Mathematical relationships and data can be presented in several different forms.

Explore each statement below.

Mathematical relationships and data can be presented in several different forms.

Explore each statement below.

In this lesson, we will take a closer look at how data is presented in each one of these forms and how to rework data from one form into another.

When writing an equation from a verbal description or word problem, you need to look for clue words and phrases that tell you which operations you should use.

Words such as "and," "together," and "total" suggest that you will need to use addition. Words and phrases such as "product," "times," and "increase by a factor of" indicate that you should use multiplication.

Click on each mathematical symbol for a list of words or phrases you may see in a problem that tell you to use that operation.

Consider the following situation:

Marta and her family are staying at a campground that charges a non-refundable $15.00 security deposit plus $30.00 for each day that her family stays.

- What clue words suggesting operations does the problem use?
- Write a plan for solving this problem.
- Write this plan as an equation that could be solved for
*y*, the cost of staying at the campground for*x*days. - Copy the following table into your notes and use your solution plan to fill in the missing information.

Number of days ( x) |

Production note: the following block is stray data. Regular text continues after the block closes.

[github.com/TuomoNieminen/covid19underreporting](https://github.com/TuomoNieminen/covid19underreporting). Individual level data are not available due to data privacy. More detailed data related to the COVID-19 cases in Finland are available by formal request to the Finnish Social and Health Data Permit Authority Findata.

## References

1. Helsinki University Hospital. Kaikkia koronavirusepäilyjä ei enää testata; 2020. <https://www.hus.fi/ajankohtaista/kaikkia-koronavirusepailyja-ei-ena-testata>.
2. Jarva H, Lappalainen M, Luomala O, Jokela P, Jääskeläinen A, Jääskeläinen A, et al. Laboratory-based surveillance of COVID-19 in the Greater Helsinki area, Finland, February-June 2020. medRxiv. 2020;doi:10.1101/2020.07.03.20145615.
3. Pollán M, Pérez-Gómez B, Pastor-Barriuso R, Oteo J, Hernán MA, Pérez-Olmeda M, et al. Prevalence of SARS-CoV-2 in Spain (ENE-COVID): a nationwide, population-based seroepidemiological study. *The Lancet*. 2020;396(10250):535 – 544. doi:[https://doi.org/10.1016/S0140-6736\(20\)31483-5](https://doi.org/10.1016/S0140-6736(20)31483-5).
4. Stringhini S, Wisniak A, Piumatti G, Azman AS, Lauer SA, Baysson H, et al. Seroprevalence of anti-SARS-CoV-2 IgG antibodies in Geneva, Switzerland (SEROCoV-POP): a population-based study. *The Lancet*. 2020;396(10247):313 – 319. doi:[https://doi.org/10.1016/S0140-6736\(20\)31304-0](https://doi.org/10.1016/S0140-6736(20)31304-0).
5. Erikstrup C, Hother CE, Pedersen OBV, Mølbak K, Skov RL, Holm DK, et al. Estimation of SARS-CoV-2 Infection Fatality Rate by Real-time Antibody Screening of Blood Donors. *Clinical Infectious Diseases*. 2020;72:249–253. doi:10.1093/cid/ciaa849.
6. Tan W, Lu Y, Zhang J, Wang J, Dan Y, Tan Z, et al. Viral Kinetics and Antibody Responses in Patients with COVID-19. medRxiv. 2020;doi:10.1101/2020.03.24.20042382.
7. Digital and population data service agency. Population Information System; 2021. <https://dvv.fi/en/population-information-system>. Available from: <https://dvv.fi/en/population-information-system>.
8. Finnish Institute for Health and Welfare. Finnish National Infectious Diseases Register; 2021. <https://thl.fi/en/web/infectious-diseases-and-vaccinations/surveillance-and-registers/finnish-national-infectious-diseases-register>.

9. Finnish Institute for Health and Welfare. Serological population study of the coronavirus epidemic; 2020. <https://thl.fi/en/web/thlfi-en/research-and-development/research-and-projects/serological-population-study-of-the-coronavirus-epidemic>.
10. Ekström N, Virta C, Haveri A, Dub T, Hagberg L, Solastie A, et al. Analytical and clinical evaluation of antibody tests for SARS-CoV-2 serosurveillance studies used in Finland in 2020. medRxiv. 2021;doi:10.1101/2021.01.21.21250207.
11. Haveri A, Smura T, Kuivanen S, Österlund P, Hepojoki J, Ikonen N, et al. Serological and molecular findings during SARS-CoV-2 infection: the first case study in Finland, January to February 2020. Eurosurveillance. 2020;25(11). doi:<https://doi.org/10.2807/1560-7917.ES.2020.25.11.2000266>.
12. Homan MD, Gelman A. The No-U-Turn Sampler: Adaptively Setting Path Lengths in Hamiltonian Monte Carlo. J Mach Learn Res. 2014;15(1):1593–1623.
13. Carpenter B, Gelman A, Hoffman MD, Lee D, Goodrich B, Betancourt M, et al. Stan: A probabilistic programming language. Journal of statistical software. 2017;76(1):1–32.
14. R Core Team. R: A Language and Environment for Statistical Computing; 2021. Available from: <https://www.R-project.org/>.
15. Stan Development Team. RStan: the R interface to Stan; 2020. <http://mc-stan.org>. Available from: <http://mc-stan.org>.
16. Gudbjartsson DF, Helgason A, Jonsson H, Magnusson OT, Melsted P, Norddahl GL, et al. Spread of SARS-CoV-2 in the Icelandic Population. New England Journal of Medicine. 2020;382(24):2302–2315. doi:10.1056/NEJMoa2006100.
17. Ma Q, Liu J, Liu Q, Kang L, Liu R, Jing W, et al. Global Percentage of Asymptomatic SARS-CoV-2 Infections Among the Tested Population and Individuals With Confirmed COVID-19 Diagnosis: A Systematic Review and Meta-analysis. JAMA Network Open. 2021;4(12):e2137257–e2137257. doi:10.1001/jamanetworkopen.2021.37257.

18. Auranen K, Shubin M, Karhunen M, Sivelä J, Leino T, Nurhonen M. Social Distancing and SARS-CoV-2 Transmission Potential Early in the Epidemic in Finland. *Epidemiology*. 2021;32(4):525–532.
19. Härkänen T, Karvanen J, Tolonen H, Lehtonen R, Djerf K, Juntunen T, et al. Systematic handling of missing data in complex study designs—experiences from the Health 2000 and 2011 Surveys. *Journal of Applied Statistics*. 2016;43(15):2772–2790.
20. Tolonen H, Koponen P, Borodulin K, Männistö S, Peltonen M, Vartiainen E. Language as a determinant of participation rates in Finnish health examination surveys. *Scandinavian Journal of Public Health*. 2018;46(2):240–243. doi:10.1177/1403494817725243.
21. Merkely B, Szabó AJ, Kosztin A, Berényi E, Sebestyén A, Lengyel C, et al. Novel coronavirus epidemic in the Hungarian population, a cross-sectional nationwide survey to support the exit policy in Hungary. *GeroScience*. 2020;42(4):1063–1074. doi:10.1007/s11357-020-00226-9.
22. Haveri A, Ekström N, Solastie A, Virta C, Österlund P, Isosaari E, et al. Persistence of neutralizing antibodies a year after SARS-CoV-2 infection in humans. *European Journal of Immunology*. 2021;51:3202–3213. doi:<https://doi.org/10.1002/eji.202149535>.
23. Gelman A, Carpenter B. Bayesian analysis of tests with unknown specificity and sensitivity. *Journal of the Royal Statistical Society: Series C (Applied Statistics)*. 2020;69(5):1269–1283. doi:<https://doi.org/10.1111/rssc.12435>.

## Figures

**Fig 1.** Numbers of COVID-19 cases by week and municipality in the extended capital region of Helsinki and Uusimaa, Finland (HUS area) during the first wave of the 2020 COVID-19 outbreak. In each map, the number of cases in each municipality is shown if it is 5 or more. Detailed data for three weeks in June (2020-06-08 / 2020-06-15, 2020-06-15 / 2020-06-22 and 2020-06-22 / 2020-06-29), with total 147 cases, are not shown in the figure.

Process | Cost ( y) |

2 | 15 + 30(2) | $75.00 |

3 | ||

4 | ||

5 | ||

x |

5. How did you fill in the *y* column?

When creating a graph from a verbal description, it is usually best to make a table of values first. Because of this, we will cover the specific concepts of graphing data in more depth in section 3. In this section, we will concentrate on the general properties of the graph of the data.

- If Marta's family pays the security deposit, and then due to a change in plans ends up staying 0 nights, how much will they have paid in total?
- Is the cost increasing or decreasing as the number of days increases?
- If you were to graph this data, would you expect the graph to rise or fall as you move to higher
*x*values? Why? - In general, how would you describe the graph of the data associated with this problem?

Darius earned a total of $800 mowing lawns over the summer. He wants to buy video games that cost $25.00 each. How can you determine *y*, the amount of money he will have left if he buys *x* video games?

5. Write a plan that you could use to solve this problem.

6. Copy the following table into your notes and use your solution plan to fill in the missing information.

Number of games ( x) |
Process | Remaining money ( y) |

2 | 800 – 25(2) | $750.00 |

3 | ||

4 | ||

5 | ||

x |

7. Write your plan as an equation.

8. What would you expect the graph of this data to look like? Why?

In this section we will look at ways to work with a data table.

Isidro is playing a "guess the rule" game on the computer. He types in a number, and the computer gives a number in response. The program generates the following data set: